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Bahia and San Francisco Railway (BSFR)

Bahia and San Francisco, Brazil




6 years




Project achievements

Area improved

People moved around the country more to find new jobs and homes

Solved the problem

The railway was able to transport goods around Brazil quicker

Used engineering skill

Tunnels were dug, and railway tracks were laid in difficult terrain

Build a railway to transport cargo and passengers

The Bahia and San Francisco railway (BSFR) was one of the first railways to be constructed in Brazil. It was built by British engineers between 1857 and 1863.

The 75-mile (121km) line was the first stage of a planned 360-mile (579km) rail route. The scheme eventually connected the port of Salvador in the state of Bahia, north-eastern Brazil to the 1,811 mile-long (2,914km) Sao Francisco river, part of which runs through Bahia.

The BSFR was designed by British engineer Charles Blacker Vignoles. Vignoles had already worked on the London to Brighton and Liverpool to Manchester railways.

Vignoles was also chief engineer for the Tudela to Bilbao line in Spain, as well as having worked on railways in Ireland.

Vignoles sent his son Hutton to Brazil to map out the best route. As the voyage from England to Brazil took three weeks by boat, Hutton sent his research back to his father. Vignoles senior drew up the design and specifications for the scheme in London.

Work on the route started in September 1858. Hutton Vignoles stayed in Brazil to help oversee the scheme. John Watson – another British engineer – headed up an Anglo-Italian project team with some labour hired locally.

The BSFR reached Alagoinhas, about 123km from Salvador, in 1863. Another 283 miles (455km) of line was added to the route by Brazilian engineers between 1875 and 1896.

Bahia and San Francisco Railway

John Vignoles talks to us about the Bahia and San Francisco Railway.

Did you know …

  1. The construction of the BSFR attracted interest from the Brazilian royal family. A letter home from chief engineer John Watson describes a visit to the scheme by the emperor and empress of Brazil.

  2. Watson wrote that ‘the Emperor rode over the first section of the Bahia and San Francisco Railway, accompanied by… Captain Vignoles, the company's engineer… and his staff of assistants’.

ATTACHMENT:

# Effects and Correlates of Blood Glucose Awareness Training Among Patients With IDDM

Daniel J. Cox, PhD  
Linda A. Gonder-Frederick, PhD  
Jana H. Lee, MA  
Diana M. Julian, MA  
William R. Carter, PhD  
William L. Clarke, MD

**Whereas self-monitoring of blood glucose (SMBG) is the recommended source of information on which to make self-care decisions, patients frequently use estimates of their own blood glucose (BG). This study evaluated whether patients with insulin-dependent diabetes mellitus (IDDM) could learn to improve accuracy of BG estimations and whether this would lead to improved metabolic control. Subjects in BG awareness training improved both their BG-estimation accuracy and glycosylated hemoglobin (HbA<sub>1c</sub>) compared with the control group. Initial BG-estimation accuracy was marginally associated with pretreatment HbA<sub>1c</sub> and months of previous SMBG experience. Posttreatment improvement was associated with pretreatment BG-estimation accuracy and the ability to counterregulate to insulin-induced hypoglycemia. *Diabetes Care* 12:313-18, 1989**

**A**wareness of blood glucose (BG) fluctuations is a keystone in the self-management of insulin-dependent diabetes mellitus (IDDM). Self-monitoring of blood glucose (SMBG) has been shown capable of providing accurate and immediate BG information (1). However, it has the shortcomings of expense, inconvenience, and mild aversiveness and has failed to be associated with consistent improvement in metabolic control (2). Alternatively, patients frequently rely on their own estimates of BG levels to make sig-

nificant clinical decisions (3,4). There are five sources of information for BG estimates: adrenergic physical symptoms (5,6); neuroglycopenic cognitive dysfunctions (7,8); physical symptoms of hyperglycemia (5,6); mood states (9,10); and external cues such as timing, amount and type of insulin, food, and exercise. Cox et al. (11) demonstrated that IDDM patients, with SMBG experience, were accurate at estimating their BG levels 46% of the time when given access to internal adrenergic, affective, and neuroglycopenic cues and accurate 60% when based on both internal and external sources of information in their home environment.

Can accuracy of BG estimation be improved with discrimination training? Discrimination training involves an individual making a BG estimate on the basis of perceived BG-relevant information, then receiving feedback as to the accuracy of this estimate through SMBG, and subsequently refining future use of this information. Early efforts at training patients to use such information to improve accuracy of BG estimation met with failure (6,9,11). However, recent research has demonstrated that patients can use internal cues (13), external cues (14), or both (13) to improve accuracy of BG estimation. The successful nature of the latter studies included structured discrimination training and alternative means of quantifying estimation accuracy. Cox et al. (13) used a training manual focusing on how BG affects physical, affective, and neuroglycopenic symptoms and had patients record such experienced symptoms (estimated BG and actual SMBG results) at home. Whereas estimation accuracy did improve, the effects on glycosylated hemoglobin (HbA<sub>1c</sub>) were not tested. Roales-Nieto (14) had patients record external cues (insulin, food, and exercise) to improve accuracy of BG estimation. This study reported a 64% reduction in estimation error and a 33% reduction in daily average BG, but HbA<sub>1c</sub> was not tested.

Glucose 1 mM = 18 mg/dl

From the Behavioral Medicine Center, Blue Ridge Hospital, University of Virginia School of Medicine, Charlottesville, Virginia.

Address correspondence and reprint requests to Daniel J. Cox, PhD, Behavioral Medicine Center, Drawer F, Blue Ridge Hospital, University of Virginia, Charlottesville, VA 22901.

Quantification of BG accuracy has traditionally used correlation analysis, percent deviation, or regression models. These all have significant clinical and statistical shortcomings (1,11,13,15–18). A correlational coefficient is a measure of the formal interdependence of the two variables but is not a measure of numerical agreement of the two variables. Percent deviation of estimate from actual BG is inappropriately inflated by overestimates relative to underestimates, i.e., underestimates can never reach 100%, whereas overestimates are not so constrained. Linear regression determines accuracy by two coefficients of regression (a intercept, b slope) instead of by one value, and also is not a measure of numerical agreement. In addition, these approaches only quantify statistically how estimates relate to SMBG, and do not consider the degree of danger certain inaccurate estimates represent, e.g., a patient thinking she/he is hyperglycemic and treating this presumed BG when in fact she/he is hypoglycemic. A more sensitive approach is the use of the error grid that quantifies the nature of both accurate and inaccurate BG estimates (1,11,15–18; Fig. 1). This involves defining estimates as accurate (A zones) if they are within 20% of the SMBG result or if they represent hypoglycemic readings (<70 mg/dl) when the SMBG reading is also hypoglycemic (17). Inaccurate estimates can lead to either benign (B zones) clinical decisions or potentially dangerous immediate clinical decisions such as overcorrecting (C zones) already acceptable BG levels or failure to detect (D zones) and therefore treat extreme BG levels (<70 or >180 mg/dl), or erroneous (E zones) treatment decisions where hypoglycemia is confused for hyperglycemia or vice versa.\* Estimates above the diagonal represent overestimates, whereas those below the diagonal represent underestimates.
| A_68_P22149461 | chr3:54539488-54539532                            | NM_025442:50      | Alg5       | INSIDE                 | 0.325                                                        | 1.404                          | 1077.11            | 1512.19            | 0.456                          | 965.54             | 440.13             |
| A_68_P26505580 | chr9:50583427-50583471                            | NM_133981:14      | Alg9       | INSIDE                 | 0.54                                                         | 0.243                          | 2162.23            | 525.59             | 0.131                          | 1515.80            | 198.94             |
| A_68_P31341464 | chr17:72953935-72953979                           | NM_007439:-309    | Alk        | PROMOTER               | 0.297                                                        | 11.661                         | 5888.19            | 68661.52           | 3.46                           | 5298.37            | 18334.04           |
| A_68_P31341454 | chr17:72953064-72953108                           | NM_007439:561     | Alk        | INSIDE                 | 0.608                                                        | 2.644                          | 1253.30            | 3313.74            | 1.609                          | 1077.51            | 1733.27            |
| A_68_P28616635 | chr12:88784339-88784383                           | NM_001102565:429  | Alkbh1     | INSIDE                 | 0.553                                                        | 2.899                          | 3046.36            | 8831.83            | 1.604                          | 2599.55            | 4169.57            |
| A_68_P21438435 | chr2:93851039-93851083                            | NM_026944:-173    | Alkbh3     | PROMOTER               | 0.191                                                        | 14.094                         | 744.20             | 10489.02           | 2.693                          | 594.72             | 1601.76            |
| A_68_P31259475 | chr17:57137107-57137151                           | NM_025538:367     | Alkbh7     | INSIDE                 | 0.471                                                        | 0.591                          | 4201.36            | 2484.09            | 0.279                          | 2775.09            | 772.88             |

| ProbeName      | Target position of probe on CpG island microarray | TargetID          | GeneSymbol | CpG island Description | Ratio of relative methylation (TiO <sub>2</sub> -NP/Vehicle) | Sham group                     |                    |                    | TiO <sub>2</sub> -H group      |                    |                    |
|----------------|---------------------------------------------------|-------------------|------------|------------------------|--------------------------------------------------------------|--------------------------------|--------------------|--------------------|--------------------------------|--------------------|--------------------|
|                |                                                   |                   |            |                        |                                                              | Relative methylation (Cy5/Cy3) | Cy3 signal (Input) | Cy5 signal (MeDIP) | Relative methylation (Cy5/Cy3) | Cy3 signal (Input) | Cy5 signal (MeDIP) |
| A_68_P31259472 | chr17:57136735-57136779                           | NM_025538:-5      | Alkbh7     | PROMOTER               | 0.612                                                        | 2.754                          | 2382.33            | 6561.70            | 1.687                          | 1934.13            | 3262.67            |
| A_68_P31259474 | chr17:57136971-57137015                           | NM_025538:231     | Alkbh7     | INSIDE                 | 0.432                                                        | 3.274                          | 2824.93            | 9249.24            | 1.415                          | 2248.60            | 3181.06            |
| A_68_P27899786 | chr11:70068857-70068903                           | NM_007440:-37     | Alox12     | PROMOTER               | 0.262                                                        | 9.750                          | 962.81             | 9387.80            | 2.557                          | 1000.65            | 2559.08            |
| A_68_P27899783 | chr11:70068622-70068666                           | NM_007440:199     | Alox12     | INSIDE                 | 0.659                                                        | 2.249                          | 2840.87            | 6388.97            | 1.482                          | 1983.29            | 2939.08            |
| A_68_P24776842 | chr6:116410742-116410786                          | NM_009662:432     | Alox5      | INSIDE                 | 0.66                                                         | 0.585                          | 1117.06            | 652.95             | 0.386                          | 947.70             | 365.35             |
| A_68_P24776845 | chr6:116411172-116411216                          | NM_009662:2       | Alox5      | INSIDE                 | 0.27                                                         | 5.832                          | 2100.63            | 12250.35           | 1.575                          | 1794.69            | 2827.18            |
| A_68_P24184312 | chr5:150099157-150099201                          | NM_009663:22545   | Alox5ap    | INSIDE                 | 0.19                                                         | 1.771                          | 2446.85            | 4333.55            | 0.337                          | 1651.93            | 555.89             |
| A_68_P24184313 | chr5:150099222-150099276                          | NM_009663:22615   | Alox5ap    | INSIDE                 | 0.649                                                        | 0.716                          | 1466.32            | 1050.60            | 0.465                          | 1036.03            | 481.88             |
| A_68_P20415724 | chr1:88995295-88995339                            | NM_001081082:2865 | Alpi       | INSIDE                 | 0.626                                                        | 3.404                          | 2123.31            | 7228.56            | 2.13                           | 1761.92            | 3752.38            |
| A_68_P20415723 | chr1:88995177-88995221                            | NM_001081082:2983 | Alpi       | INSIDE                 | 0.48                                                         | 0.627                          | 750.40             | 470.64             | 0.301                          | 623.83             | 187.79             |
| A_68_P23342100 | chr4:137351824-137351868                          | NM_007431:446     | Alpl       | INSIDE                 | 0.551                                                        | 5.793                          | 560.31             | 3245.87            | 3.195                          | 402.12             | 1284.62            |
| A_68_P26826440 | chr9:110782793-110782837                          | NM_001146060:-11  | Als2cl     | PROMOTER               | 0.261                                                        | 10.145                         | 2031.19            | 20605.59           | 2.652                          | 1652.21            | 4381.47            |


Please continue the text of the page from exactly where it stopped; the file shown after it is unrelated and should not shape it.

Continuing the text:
3. The letter goes on that ‘the English workmen… gave his Majesty a right hearty welcome in John Bull fashion’.

  4. Watson also notes that the emperor told him that the tunnel they visited that day ‘was the first tunnel he had ever gone through’.

Difference the project has made

Traders were able to get goods around Brazil faster using the BSFR. The railway carried cargoes including coffee and sugar.

The line contributed to social change. Brazil saw a great deal of internal migration between 1872 and 1890 as people moved around the country to look for new jobs and homes. New railway lines – including the BSFR – helped this migration.

The BSFR didn’t make much money – disappointing investors. The scheme’s poor financial results discouraged new railway investment in north-east Brazil for 20 years.

How the work was done

Engineers working on the BSFR faced a number of challenges. These included the limited supply of both materials and experienced workers in Brazil.

Many of the construction materials and equipment for the scheme came from Britain by steamer. This took time and made start-up costs higher.

The need for skilled labour saw BSFR chief engineer John Watson hire 1,000 Italian workers using agents in London before he left Britain to head up the project.

Although the scheme used some local labour, another 3,000 British workers made the three-week journey to work on the BSFR. Many of them stayed on in Brazil to build public works including roads and sugar mills.

Bringing in large numbers of immigrant workers hit the BSFR hard in the bottom line and contributed to its lack of financial success. A similar scheme – the Sao Paulo railway – spent about one third of its budget on importing workers from overseas.

As well as laying 75 miles (121km) of railway in often difficult terrain, engineers had to excavate tunnels for the line.

People who made it happen

  • Designer: Charles Blacker Vignoles, ICE member
  • Chief engineer: John Watson, ICE member
  • Construction engineer: Hutton Vignoles